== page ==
Mental Accounting in Portfolio Choice: Evidence from a Flypaper Effect
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CitationChoi, James J., David I. Laibson, and Brigitte C. Madrian. 2009. Mental accounting in portfolio choice: Evidence from a flypaper effect. American Economic Review 99(5): 2085-2095.
AbstractConsistent with mental accounting, we document that investors sometimes choose the asset allocation for one account without considering the asset allocation of their other accounts. The setting is a firm that changed its 401(k) matching rules. Initially, 401(k) enrollees chose the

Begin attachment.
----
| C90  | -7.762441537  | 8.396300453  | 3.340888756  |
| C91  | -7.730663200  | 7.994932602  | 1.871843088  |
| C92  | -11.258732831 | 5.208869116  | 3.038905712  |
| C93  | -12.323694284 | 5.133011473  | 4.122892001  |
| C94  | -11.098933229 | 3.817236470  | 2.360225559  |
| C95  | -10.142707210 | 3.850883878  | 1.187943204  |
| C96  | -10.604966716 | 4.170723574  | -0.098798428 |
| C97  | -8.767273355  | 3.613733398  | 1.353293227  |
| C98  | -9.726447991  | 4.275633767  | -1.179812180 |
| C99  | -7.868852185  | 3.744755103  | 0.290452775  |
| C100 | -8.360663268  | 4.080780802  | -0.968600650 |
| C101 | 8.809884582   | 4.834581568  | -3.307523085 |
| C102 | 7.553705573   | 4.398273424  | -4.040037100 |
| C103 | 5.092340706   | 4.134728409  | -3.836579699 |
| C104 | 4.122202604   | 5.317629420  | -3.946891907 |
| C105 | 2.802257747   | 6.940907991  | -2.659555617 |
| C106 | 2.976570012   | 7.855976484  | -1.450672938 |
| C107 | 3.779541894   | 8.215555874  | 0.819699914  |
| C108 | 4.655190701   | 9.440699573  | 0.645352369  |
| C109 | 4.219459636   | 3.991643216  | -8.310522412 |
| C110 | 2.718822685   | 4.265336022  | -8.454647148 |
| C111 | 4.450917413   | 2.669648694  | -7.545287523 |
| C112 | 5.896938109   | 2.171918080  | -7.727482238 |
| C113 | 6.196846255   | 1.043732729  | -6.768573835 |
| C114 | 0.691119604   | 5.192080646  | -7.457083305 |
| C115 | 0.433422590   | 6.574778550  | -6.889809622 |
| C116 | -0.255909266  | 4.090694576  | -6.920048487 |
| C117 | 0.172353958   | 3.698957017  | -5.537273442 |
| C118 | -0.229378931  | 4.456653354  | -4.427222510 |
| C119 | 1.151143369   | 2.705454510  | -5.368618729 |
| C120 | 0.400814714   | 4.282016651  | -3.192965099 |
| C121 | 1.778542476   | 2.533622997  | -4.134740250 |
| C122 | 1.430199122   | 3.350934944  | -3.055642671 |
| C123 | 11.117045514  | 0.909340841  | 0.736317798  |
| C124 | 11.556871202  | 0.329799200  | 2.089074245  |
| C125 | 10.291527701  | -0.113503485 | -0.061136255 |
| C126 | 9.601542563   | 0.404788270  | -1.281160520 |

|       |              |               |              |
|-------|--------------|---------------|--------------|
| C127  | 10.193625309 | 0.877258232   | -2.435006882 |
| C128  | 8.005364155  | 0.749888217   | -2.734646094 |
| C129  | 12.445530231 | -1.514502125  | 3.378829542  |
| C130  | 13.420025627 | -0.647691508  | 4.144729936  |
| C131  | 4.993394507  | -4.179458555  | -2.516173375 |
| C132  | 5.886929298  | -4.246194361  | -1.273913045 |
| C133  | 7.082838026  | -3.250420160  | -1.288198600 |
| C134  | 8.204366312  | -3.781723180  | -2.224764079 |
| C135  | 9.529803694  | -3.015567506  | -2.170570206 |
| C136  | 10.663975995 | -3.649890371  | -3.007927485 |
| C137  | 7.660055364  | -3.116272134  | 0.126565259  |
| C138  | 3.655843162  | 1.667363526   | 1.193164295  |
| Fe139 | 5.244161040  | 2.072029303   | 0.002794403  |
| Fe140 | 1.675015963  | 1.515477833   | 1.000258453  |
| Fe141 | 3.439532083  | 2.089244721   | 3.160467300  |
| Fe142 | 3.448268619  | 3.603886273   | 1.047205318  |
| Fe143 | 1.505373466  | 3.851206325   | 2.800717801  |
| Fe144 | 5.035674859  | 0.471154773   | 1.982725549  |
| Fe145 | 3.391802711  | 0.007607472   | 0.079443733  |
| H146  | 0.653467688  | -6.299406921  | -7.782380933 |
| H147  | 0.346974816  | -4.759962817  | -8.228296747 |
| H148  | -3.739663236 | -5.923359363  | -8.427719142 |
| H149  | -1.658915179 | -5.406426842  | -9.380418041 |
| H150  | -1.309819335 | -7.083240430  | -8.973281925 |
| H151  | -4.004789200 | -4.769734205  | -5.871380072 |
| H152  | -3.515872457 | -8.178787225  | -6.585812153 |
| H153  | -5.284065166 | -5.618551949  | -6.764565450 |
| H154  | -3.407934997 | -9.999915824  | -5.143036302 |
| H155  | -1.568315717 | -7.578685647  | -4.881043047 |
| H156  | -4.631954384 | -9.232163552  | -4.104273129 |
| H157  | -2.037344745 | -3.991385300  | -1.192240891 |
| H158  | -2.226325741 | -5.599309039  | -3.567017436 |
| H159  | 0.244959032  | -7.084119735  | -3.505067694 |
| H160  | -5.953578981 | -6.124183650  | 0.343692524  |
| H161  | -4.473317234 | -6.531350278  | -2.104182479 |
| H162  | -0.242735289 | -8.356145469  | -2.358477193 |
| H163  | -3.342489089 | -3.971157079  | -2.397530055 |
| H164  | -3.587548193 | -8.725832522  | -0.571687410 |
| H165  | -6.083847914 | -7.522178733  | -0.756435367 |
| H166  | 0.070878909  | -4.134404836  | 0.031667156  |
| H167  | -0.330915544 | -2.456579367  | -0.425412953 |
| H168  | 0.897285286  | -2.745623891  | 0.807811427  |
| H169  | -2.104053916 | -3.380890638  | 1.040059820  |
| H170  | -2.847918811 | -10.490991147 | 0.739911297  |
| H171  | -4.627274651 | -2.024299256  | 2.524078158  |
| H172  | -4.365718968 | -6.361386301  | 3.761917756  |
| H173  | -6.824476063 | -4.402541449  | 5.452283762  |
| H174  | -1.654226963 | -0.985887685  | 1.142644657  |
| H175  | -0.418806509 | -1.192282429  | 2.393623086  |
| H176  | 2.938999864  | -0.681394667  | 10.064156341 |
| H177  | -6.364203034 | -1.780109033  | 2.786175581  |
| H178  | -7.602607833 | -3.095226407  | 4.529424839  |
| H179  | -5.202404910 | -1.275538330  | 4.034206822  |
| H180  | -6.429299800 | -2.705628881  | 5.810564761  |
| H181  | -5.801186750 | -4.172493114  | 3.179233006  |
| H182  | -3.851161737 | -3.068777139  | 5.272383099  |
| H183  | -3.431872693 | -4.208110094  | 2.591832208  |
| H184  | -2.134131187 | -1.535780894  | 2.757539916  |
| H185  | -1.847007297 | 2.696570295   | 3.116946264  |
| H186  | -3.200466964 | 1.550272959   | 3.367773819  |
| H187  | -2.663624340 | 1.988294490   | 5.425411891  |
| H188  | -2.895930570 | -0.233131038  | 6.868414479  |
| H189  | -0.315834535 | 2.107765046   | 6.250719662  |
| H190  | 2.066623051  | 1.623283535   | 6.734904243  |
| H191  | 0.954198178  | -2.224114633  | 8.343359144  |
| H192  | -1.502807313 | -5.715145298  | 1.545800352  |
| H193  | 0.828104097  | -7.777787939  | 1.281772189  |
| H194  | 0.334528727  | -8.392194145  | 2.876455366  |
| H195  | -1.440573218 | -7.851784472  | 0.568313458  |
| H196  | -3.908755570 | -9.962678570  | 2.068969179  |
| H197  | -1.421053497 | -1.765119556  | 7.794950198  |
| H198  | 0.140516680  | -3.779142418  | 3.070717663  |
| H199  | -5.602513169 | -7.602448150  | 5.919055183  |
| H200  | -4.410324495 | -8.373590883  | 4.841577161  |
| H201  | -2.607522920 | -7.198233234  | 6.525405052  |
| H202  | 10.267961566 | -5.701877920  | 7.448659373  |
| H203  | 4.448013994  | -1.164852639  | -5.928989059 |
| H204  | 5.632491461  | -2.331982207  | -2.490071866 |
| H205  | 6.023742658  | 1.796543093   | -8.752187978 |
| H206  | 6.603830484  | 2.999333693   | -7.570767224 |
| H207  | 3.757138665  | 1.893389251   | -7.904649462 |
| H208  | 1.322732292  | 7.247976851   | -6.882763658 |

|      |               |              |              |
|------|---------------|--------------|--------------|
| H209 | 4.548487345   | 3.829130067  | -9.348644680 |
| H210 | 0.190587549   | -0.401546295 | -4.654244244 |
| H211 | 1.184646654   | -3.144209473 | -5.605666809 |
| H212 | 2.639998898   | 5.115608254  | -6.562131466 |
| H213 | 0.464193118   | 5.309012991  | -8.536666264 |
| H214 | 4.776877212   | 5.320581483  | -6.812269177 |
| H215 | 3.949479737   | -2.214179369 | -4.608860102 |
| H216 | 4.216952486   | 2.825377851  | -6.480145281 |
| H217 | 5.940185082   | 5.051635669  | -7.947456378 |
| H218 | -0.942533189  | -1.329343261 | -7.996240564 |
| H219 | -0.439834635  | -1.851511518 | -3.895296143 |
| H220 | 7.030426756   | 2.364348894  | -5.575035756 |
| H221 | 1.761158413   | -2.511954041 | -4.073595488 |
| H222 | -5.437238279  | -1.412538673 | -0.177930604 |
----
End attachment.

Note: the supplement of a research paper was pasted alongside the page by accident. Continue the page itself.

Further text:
allocation of their own contributions, but the firm chose the match allocation. These enrollees ignored the match allocation when choosing their own-contribution allocation. In the second regime, enrollees simultaneously selected both allocations, leading them to mentally
integrate the two. Own-contribution allocations before the rule change equal the combined own and match-contribution allocations afterwards, whereas combined allocations differ sharply across regimes.
Citable link to this pagehttp://nrs.harvard.edu/urn-3:HUL.InstRepos:4686774
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